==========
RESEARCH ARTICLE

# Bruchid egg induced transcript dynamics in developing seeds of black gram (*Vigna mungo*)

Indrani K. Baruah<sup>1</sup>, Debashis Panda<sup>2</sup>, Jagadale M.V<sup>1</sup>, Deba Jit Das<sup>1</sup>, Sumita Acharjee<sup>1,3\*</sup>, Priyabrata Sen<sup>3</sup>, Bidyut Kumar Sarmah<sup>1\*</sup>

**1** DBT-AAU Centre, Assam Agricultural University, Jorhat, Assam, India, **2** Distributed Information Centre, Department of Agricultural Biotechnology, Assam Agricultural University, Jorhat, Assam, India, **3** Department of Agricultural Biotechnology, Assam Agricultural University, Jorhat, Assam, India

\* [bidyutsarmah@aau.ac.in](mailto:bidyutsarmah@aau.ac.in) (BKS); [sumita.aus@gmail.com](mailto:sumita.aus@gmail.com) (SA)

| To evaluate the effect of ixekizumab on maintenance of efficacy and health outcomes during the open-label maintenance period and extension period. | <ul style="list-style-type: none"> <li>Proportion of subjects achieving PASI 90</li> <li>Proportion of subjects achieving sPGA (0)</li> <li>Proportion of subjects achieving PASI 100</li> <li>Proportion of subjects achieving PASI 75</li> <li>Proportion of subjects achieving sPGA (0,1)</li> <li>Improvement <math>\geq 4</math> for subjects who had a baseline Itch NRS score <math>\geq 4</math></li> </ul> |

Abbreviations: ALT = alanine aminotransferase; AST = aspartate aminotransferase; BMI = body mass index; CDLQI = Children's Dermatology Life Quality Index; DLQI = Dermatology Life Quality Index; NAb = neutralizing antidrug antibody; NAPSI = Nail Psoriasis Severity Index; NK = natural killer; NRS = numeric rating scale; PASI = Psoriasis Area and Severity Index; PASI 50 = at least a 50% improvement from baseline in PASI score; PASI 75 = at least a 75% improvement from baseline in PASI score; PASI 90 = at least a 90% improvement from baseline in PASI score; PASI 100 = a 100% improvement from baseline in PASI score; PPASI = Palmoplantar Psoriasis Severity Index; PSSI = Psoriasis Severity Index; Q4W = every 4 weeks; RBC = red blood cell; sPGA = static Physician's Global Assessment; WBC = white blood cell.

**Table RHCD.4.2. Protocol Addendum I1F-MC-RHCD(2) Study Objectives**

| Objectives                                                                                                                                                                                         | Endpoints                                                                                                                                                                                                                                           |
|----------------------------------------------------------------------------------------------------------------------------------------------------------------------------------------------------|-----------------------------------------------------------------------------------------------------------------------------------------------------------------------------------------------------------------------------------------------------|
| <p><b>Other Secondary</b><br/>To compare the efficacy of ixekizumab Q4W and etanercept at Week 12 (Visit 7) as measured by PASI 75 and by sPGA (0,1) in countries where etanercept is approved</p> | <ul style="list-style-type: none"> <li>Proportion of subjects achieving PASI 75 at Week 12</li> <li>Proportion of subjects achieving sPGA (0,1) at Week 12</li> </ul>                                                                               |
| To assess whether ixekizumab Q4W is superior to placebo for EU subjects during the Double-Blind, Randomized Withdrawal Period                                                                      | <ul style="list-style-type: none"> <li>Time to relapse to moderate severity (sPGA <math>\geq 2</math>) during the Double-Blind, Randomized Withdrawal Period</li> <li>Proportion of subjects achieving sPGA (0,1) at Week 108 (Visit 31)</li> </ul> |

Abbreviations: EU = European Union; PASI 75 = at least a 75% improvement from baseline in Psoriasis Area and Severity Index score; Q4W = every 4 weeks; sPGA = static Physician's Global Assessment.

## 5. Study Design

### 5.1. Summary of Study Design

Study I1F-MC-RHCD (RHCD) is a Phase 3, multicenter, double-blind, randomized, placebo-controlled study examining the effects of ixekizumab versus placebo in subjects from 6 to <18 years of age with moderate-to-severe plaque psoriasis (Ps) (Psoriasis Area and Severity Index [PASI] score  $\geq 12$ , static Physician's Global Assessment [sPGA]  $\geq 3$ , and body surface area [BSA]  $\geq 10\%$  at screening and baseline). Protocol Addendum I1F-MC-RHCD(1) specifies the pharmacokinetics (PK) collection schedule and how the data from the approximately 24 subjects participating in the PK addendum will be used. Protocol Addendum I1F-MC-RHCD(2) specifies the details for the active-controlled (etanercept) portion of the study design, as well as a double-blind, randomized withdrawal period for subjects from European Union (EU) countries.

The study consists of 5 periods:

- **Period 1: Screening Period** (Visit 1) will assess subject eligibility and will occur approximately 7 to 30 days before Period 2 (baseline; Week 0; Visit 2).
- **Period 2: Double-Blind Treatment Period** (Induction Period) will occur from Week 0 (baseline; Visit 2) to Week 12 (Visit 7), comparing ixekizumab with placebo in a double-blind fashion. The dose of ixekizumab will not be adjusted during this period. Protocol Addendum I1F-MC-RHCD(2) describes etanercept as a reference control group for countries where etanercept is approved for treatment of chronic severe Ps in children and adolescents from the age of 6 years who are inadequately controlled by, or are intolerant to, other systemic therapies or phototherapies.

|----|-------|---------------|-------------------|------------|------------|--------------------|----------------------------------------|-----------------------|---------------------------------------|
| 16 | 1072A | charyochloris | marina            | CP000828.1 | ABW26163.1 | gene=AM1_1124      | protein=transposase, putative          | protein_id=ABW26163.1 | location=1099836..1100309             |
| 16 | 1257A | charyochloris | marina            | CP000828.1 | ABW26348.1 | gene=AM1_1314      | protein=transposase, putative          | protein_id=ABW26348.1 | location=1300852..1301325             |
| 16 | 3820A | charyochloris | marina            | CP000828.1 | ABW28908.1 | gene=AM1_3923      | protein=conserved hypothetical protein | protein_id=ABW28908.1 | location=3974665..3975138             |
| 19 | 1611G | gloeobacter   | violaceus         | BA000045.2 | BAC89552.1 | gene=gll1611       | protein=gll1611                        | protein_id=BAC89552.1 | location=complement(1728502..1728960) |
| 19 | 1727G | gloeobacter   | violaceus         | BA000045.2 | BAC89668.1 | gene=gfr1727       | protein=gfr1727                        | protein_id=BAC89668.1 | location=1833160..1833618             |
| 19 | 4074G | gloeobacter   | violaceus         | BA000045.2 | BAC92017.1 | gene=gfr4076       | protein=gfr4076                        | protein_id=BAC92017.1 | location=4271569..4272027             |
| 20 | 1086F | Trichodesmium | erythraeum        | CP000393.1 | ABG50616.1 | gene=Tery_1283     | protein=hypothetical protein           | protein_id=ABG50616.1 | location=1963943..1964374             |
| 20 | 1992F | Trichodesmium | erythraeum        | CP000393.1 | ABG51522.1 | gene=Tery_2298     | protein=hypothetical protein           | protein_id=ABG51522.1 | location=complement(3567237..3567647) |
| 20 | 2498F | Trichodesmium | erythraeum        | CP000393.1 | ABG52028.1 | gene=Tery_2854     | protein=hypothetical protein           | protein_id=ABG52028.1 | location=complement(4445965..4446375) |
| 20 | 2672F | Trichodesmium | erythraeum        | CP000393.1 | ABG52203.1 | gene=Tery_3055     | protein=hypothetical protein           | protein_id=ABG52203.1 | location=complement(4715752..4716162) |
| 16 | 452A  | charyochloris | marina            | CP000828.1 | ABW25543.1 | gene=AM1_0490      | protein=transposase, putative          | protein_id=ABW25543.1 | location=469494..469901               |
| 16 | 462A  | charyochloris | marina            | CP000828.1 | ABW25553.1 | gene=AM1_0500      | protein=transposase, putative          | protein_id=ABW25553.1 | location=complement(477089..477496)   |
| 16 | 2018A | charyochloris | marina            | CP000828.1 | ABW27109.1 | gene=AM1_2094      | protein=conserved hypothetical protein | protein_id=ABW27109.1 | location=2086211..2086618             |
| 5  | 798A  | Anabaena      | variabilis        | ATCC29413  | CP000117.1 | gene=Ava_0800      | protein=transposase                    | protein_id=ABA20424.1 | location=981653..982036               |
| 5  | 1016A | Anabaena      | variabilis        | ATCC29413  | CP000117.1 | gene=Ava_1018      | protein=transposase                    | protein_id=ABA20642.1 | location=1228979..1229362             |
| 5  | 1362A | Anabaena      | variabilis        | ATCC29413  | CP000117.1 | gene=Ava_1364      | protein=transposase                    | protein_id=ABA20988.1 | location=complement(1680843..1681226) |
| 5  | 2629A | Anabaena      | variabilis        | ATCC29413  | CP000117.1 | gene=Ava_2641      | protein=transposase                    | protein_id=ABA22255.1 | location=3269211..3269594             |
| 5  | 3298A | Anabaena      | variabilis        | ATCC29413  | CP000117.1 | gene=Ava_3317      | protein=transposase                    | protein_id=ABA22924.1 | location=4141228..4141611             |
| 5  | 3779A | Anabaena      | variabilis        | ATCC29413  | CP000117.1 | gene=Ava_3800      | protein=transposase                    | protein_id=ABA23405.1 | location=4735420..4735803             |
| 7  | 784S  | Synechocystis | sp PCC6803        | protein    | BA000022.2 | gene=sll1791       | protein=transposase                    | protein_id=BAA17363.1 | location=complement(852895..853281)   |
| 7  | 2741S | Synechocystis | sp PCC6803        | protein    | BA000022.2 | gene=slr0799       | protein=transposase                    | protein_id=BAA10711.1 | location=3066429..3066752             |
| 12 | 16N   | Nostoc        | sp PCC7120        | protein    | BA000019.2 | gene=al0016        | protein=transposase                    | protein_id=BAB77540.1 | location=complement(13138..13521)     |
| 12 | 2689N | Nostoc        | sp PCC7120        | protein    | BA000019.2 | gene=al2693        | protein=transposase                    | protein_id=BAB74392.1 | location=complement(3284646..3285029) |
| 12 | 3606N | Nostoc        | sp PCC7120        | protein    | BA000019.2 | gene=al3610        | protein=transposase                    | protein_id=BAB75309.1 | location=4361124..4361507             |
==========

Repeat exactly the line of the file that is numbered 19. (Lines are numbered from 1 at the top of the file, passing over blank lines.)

- **Period 2: Double-Blind Treatment Period** (Induction Period) will occur from Week 0 (baseline; Visit 2) to Week 12 (Visit 7), comparing ixekizumab with placebo in a double-blind fashion. The dose of ixekizumab will not be adjusted during this period. Protocol Addendum I1F-MC-RHCD(2) describes etanercept as a reference control group for countries where etanercept is approved for treatment of chronic severe Ps in children and adolescents from the age of 6 years who are inadequately controlled by, or are intolerant to, other systemic therapies or phototherapies.